In the first instance, on that buffalo, I was horribly embarrassed because I made a bad shot. And, since it was a buffalo and not a buck, I was deeply relieved that nobody got hurt. In the second instance I just happy we found Derek’s buck. I’d be the first to say there was some luck involved, but it is home turf and we’ve trailed deer there before. Usually we—or one of the neighbors—eventually find them along a creek.
In the last instance, well, that’s a tragedy. We didn’t have enough to go on, not even enough to have a clear idea of where the buck might have been hit. That one, by the way, is not over. At this writing three weeks of the season remains. This was a distinctive buck with a tall frame, and the rut is in full swing. If he’s hale and hearty somebody will glass him chasing a doe…and if he’s not birds will lead the cowboys to him.
It’s still a regrettable tragedy, but the reality is that, even with the right equipment, careful preparation, and the best of intentions shots are not always perfect. Even if you’re not certain of a hit ethics require an exhaustive search. Once one drop of blood is found any and all effort must be expended to recover the animal. I personally like the African ethic that “one drop of blood equals an animal taken.” It makes one more careful with the shot! Sometimes, however, tracking is necessary. Bowhunters tend to be pretty good at this because even perfect hits often require trailing. African trackers are legendary, and most guides are pretty good at it because they’ve had practice. But we all need to be as good at it as we can be, and exhaustive in our search.
The most important thing, I think, is patience. Derek’s buck was hit just slightly back and low, hardly two inches from perfect…but that buck took us two miles. So, a primary ingredient is patience. Good bowhunters like to wait at least a full hour before taking a track. This is a good idea unless you’re reasonably certain of the hit. The first step is to mark carefully and precisely where the animal was standing when the shot was taken. There often won’t be a single drop of blood for thirty or forty yards, but you can usually find running tracks where the animal took off.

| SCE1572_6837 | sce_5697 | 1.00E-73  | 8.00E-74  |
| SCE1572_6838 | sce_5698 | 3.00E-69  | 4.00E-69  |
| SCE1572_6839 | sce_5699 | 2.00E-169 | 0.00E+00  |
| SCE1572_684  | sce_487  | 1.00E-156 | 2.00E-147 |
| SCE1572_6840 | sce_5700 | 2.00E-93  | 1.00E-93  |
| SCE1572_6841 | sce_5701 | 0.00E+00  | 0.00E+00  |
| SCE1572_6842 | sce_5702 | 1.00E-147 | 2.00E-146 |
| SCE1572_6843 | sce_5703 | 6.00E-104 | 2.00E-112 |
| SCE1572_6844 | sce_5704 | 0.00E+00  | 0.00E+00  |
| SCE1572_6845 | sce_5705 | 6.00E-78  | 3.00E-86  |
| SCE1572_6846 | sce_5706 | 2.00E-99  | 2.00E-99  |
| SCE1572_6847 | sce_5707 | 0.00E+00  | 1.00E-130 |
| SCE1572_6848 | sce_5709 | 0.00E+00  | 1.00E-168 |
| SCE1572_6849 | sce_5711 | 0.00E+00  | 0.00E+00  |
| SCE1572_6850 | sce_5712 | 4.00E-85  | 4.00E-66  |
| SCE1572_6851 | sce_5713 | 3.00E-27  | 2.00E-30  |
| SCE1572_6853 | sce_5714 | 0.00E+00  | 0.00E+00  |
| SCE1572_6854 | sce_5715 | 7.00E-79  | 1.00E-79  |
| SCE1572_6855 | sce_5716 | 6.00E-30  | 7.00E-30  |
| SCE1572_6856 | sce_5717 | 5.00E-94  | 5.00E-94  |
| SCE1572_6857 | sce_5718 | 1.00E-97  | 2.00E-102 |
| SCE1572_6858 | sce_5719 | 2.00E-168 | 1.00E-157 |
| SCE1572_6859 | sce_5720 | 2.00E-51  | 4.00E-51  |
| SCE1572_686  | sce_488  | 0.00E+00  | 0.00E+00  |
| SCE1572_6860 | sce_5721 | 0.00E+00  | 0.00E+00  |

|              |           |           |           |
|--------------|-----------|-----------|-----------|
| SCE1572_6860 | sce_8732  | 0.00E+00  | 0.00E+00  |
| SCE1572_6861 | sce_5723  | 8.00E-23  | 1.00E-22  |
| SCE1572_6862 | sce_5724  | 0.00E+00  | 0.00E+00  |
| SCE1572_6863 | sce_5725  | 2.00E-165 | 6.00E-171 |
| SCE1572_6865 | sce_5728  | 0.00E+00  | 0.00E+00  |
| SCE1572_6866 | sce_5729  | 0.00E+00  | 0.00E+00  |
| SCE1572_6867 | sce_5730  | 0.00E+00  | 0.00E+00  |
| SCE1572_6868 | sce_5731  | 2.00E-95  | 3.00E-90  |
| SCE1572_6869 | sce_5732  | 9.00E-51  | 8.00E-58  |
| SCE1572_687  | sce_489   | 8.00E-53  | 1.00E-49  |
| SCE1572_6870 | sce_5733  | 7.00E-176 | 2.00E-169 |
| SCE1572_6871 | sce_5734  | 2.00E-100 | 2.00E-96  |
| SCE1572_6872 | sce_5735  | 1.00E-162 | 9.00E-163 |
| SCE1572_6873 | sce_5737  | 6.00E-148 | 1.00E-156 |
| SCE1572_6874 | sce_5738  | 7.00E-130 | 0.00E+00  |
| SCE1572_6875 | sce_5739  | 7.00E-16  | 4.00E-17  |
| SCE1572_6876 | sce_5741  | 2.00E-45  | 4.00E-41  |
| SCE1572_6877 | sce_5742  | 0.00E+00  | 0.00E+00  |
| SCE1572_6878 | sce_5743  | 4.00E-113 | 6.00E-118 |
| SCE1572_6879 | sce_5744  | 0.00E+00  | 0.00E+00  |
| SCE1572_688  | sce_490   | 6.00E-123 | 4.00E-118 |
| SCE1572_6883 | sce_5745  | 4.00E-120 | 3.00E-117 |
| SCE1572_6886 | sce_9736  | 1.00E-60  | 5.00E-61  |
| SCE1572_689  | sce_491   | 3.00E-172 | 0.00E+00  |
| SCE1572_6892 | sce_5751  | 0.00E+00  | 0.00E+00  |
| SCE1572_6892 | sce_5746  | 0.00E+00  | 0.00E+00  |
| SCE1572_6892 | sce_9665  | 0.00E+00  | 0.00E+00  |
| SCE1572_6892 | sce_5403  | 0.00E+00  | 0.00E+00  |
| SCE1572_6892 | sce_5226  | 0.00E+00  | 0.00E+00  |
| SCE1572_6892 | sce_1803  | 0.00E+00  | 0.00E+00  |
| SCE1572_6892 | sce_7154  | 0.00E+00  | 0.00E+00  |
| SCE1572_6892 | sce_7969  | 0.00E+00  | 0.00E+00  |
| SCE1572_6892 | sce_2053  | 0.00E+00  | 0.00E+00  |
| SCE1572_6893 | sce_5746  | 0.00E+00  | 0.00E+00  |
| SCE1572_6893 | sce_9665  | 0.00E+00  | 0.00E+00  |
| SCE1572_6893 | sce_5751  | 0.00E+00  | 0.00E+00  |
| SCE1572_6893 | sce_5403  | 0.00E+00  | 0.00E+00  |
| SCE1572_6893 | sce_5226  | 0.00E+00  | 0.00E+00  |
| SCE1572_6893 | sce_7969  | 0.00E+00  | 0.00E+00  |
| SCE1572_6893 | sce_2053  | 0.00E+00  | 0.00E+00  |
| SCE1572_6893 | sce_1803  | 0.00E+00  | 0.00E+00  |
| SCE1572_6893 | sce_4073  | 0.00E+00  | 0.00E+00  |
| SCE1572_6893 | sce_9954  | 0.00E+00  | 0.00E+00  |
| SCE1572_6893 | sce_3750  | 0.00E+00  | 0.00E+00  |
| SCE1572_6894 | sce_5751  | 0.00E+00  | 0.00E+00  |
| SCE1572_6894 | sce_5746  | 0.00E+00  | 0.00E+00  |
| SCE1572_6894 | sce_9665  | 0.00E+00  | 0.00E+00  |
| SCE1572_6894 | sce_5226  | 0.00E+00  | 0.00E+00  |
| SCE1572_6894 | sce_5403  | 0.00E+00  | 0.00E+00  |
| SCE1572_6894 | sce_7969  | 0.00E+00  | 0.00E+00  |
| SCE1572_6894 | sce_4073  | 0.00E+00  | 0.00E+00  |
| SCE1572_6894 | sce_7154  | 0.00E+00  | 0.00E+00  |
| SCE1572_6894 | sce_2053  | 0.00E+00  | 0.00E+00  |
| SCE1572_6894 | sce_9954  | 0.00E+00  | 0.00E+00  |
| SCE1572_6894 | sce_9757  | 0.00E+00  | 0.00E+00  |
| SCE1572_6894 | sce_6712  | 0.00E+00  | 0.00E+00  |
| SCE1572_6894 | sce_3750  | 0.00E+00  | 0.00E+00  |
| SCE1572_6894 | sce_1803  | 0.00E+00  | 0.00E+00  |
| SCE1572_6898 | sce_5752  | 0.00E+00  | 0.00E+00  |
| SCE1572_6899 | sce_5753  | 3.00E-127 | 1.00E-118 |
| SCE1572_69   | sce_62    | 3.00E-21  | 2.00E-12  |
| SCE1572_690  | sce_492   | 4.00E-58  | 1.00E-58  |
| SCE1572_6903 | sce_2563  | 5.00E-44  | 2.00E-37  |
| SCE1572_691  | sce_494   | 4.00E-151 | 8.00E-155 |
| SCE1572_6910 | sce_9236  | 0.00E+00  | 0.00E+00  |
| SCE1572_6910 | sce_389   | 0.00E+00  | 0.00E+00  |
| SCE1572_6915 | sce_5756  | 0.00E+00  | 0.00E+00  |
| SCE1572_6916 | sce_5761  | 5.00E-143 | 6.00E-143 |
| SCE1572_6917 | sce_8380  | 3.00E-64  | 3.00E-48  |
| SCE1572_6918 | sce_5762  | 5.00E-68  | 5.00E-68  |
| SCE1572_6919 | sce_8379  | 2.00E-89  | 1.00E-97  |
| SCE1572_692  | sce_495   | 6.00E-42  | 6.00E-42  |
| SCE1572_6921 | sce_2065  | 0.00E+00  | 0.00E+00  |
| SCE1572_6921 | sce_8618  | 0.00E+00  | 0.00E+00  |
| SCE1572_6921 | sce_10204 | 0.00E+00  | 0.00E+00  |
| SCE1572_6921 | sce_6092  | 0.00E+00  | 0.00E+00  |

After maybe a hundred and fifty yards the assumption should be made that the hit wasn’t mortal, at least not immediately. The blood will give often give clues: Bright pink lung blood, good news; very red muscle blood, maybe okay, maybe not; dark blood with stomach matter, bad news. Don’t look just at the ground; you need to examine grass and leaves for the faintest smears and splashes. Remember exactly how the animal was standing and try to get a feel for where the animal might have been hit. Things are not always as they seem!
Mornings are wonderful because you have all day and can take your time. Last-light hits are problematic. If you push the animal in the dark you may mess things up badly, so unless a really good hit is reasonably certain I prefer to back off and wait for good light. This means a long, sleepless, and worrisome night…but if it was your or my errant shot we deserve that. Aside from risk of pushing the animal ahead of you, there’s also a risk of erasing the trail while bumbling around in the dark. On the other hand, leaving it until morning runs the risk of predators intervening. That makes this a tough call, but it depends on the sign, and also terrain and cover.
Because they are so often shot late this is a common decision with leopards…and hyenas are a serious risk. Most PHs will give it a couple hundred yards in the dark, and then wait until morning. The only guy I knew who preferred to follow wounded cats at night was the late Ian Gibson. He believed his chances of avoiding a charge were better at night because the lights would pick up the eyes. Maybe…but I’ll pass on wounded cats in the dark!
Due to presence of hyenas most PHs will trail cats up to a couple hundred yards in the dark, but then a wounded animal must be declared and the track resumed in daylight. This leopard was found dead within a hundred yards, a happy conclusion after a few scary minutes.
Perhaps the hardest part is deciding when to quit, that all traces and all hope are gone. Regrettably, this happens. It’s a decision that must not be made lightly, only after all routes and all possibilities have been thoroughly examined. If you’re alone some serious soul-searching is required: Have you truly done all you can? If in a group, it needs to be a consensus decision. Is everyone certain that all that can be done has been done? If so it’s something you must live with, but if you’re a real hunter, it will haunt you for a long time.